More than a century ago, the shortnose sturgeon was fished to near extinction by fishermen who sought it for caviar. But the future of this ancient fish now appears to be looking up…
In the depths of the Hudson River, a primitive creature is reclaiming its territory.
Unlike more modern fish, the shortnose sturgeon has no scales—only leather skin and rows of bony plates. It grows up to 4 feet long, and sucks up insects and crustaceans with a tube-like mouth.
The sturgeon's strange appearance did not deter fisherman along the East Coast, who more than a century ago sought it aggressively for caviar and meat. Pollution and the construction of dams made matters worse, and the fish nearly vanished from many rivers.
But the future of this ancient lineage may be looking up somewhat, according to a study published earlier this year in the open-access journal PLoS ONE. The authors estimate that about 60,000 of these creatures, which were put on the federal endangered species list in 1967, now inhabit the Hudson River.
That’s even more remarkable because in general, fish protected by the Endangered Species Act have a lousy record. So far, five species have lost their protected status—four because they went extinct, and one because it was reclassified. No fish has ever left the list for the right reason.
Records for the past three decades suggest that the Hudson contains one of the largest shortnose sturgeon populations along the Atlantic coast. So the results of the study didn’t shock those familiar with the river.
“I just have had zero questions about whether the fish have become abundant and the population is healthy,” said Mark Bain, the study’s primary author and a biologist at Cornell University. “It’s been an easy sell that there’s a lot of fish.”
“The Hudson River is probably the example of the fastest recovery,” said John Waldman, a fish biologist at Queens College, who worked for one of the study’s funding organizations. In some rivers, the populations limp along below a hundred. The caviar craze of the late 19th century coincided roughly with a period of industrial growth along many northeastern rivers.
The fishing, the pollution and the dams wreaked havoc on many populations. By the 1950s, so few shortnose sturgeon remained on the East Coast that the government concluded they had been eliminated from all rivers, except for the Hudson. But numbers were hard to come by until more recently.
Between 1975 and 1980, biologist William Dovel counted shortnose sturgeon and found a population of about 13,000 spawning adults, still much smaller than Bain’s estimate.
Then in 1993 Bain set out to study a different kind of sturgeon that lives in the Hudson. Atlantic sturgeon can grow up to 5 feet longer than shortnose, and were the primary targets of commercial fishermen. But rather than find Atlantics, Bain turned up nets full of shortnose—a good sign for one fish, a bad one for the other. A few years later, fishing for Atlantic sturgeon was prohibited.
Surprised at how abundant the shortnose seemed to be, Bain and his colleagues started officially counting them in 1994. Their work continued into 1997 with financial support from the Hudson River Foundation and U.S. Army Corps of Engineers.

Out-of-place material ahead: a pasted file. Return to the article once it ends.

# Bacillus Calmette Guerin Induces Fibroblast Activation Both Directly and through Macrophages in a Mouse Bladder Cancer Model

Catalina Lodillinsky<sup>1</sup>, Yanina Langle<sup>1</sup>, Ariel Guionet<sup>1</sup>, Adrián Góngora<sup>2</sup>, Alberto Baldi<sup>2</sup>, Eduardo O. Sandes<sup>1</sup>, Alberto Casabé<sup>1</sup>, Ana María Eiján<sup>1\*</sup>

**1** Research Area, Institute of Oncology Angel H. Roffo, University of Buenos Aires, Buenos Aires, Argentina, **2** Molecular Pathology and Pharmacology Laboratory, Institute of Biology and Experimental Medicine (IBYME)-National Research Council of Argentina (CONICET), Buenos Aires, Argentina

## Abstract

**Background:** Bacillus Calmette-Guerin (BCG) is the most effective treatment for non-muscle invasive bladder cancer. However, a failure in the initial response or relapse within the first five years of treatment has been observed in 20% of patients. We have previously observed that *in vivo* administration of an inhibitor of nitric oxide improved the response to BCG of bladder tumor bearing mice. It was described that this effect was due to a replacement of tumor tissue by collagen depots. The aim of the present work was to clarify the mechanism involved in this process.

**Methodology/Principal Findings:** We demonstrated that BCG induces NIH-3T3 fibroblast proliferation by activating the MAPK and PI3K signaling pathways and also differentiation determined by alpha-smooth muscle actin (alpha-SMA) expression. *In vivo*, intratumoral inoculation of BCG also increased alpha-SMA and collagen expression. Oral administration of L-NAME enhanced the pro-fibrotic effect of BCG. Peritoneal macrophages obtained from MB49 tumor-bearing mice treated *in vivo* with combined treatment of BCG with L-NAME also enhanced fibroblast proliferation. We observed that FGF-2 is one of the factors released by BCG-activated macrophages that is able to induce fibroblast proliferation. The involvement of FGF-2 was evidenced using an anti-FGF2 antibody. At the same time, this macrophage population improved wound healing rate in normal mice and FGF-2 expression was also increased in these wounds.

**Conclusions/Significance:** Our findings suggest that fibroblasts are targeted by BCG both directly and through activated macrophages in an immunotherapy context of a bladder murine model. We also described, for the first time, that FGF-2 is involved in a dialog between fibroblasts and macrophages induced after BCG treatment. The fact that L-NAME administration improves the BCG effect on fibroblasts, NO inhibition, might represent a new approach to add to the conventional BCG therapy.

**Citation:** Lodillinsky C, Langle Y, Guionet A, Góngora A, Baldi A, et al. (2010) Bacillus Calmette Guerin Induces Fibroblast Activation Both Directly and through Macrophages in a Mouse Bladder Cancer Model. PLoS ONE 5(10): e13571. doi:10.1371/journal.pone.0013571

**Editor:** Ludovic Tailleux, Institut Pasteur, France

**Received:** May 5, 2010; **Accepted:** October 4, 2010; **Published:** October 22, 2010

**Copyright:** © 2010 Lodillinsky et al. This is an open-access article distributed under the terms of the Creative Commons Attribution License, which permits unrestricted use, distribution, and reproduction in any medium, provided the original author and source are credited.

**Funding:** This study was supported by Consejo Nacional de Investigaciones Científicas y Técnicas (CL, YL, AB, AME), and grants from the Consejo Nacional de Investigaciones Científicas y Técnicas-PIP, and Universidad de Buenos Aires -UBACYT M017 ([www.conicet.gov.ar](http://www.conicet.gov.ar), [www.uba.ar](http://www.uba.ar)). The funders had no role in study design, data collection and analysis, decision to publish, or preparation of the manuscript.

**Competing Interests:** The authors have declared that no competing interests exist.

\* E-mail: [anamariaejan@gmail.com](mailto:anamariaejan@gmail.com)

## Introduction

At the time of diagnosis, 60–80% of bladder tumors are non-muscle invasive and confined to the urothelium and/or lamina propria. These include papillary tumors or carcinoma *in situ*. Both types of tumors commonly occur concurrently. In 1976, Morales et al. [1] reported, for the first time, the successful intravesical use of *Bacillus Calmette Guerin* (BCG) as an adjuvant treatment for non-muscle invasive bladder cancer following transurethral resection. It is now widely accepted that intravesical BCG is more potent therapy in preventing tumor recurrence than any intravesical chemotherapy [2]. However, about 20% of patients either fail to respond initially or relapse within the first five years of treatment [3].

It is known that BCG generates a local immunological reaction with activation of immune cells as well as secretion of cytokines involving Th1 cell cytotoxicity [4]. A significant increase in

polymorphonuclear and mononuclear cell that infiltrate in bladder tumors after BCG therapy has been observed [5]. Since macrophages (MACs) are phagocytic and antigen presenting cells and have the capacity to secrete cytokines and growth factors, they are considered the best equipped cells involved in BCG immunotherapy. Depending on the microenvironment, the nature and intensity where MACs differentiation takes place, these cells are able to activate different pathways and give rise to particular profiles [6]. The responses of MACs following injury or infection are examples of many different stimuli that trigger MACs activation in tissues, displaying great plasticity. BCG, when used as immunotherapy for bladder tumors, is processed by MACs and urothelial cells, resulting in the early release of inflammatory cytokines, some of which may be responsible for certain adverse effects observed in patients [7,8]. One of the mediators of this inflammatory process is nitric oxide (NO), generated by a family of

The researchers used mesh nets to randomly collect the fish throughout the river from June to mid-September. They also collected fish at their winter gathering site and their spring spawning grounds near Albany, just below the Troy Dam.
Once caught, the fish were measured and tagged. Based upon the nearly 7,000 fish caught this way, the researchers estimated a population of close to 60,000.
Using data generated by Dovel and from electric utilities’ fish-monitoring program from 1985 to 1996, the authors argue that shortnose sturgeon population increased more than 400 percent between the late 1970s and the mid-1990s.
A lack of dams, which block the sturgeon’s seasonal migrations on the lower Hudson River may explain part of the shortnose sturgeon’s success here, according to Bain. He also credits the protection from fishing offered by the Endangered Species Act.
“I consider it a success story in the Hudson,” Bain said of the Act. “I think we’re going to end up seeing over the next couple decades that some other rivers end up with healthy shortnose sturgeon populations.”
Waldman also cites improvements in water quality. He sees a national pattern of fish recovering as waterways near urban centers have cleared up since the Clean Water Act of 1972.
“I don’t look at this like it’s an accident,” he said.
Ultimately, the decision about whether the shortnose sturgeon in the Hudson River has recovered—whether it can afford to lose its endangered status—is up to the National Marine Fisheries Service.
The agency is preparing to initiate a status review of the shortnose sturgeon, according to Angela Somma, chief of the Endangered Species Division.
Currently, all shortnose sturgeon populations are treated as a single species, but the review could allow them to be managed individually. This way the fisheries service could handle a stronger population, like the Hudson's, separately from others—maybe even take it off the list, although the service is hesitant to suggest this is a possibility.
The biologist who conducted the counts back in the 1970s, William Dovel, said that humans have much less effect on wildlife, such as the shortnose sturgeon, than we believe. “Nature is resilient, not fragile," he said. "Fragile is the worst word you can use.”